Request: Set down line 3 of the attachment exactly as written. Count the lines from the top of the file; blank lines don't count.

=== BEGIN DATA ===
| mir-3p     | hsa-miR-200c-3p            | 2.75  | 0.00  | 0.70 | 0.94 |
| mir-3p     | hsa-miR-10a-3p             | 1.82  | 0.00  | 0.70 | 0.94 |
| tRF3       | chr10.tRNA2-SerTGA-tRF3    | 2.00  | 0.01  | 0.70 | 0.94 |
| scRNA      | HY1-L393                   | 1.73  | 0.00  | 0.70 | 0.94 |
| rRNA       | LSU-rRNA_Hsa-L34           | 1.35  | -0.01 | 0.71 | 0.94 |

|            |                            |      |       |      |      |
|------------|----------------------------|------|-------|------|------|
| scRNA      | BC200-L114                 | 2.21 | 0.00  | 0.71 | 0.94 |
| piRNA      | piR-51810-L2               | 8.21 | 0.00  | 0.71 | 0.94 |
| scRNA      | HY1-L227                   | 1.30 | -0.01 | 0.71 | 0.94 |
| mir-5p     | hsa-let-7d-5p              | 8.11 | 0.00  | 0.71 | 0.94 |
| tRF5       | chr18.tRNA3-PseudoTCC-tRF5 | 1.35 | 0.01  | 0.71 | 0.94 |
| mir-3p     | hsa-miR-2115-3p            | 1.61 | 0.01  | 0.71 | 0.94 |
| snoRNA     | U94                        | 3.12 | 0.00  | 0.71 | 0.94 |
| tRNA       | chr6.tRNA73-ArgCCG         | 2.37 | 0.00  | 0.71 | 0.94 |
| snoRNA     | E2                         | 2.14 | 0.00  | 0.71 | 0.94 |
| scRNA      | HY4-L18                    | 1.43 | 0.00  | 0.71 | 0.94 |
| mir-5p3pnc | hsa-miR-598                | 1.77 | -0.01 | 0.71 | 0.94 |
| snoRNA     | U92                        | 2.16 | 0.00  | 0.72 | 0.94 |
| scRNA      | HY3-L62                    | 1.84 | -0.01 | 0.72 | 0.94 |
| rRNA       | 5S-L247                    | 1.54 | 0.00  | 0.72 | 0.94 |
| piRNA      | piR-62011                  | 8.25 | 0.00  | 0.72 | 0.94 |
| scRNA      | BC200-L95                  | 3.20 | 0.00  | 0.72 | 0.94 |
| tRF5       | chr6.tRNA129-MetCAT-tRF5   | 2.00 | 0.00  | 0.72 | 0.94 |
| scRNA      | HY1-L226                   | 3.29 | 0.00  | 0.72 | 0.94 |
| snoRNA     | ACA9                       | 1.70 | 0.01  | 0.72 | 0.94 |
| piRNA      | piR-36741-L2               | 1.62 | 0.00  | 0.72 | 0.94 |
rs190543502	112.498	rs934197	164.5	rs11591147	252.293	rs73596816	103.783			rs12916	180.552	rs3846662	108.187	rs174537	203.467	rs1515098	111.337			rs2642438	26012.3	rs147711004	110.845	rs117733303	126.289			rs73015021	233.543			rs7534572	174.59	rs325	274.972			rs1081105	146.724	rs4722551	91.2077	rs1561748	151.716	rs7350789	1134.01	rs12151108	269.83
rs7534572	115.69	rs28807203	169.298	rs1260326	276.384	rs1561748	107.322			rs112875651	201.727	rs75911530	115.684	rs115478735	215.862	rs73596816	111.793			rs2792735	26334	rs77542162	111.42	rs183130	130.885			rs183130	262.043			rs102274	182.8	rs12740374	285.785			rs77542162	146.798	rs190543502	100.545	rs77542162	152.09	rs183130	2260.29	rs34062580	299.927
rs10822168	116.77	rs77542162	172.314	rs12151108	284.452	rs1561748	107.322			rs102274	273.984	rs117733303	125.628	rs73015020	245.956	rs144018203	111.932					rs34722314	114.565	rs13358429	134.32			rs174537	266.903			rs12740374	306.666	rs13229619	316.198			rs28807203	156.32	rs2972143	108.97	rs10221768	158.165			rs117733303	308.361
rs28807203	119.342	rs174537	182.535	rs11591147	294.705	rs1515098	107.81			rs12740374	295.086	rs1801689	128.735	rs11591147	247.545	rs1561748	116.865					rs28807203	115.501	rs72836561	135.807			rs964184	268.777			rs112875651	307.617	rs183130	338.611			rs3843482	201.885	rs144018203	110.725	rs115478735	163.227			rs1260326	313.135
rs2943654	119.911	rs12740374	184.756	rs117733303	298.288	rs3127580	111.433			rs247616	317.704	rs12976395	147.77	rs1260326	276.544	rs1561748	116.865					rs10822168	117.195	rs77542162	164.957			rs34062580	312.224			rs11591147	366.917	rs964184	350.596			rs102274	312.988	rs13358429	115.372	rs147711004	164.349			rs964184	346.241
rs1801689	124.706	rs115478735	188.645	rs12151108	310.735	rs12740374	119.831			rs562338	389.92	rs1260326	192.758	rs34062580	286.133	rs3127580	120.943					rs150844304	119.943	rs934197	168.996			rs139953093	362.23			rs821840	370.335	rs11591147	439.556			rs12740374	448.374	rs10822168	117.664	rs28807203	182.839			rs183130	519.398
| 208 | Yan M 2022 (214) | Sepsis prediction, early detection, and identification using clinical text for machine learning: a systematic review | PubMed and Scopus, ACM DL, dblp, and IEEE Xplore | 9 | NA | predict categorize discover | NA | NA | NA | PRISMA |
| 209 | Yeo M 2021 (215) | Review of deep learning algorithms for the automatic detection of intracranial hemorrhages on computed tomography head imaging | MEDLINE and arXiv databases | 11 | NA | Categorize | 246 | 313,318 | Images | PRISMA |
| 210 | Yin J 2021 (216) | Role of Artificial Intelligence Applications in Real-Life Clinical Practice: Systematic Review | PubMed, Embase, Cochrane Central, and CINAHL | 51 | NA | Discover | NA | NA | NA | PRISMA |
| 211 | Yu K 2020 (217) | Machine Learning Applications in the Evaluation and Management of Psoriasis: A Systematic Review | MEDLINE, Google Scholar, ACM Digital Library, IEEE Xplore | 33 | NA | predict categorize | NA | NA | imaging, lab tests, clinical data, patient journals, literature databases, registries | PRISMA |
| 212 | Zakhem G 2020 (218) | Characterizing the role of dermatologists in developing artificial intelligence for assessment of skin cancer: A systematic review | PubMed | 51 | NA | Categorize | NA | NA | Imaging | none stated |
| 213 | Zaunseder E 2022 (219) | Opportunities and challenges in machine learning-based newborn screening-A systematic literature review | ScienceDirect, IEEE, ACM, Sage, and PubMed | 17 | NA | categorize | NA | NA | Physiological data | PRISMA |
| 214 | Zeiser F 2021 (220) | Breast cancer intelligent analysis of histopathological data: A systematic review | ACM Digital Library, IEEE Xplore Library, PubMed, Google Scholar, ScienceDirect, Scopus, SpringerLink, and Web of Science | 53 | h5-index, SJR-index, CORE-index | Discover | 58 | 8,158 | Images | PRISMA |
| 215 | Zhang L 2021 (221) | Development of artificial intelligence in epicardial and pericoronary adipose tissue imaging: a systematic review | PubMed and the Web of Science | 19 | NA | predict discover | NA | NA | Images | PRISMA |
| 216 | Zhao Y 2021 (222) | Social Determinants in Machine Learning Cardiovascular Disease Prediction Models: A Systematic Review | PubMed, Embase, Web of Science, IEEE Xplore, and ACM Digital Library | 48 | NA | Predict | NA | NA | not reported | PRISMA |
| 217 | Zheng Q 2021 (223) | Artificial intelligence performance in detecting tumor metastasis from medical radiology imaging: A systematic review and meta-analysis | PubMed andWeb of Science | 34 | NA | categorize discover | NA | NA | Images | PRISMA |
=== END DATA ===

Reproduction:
| tRF3       | chr10.tRNA2-SerTGA-tRF3    | 2.00  | 0.01  | 0.70 | 0.94 |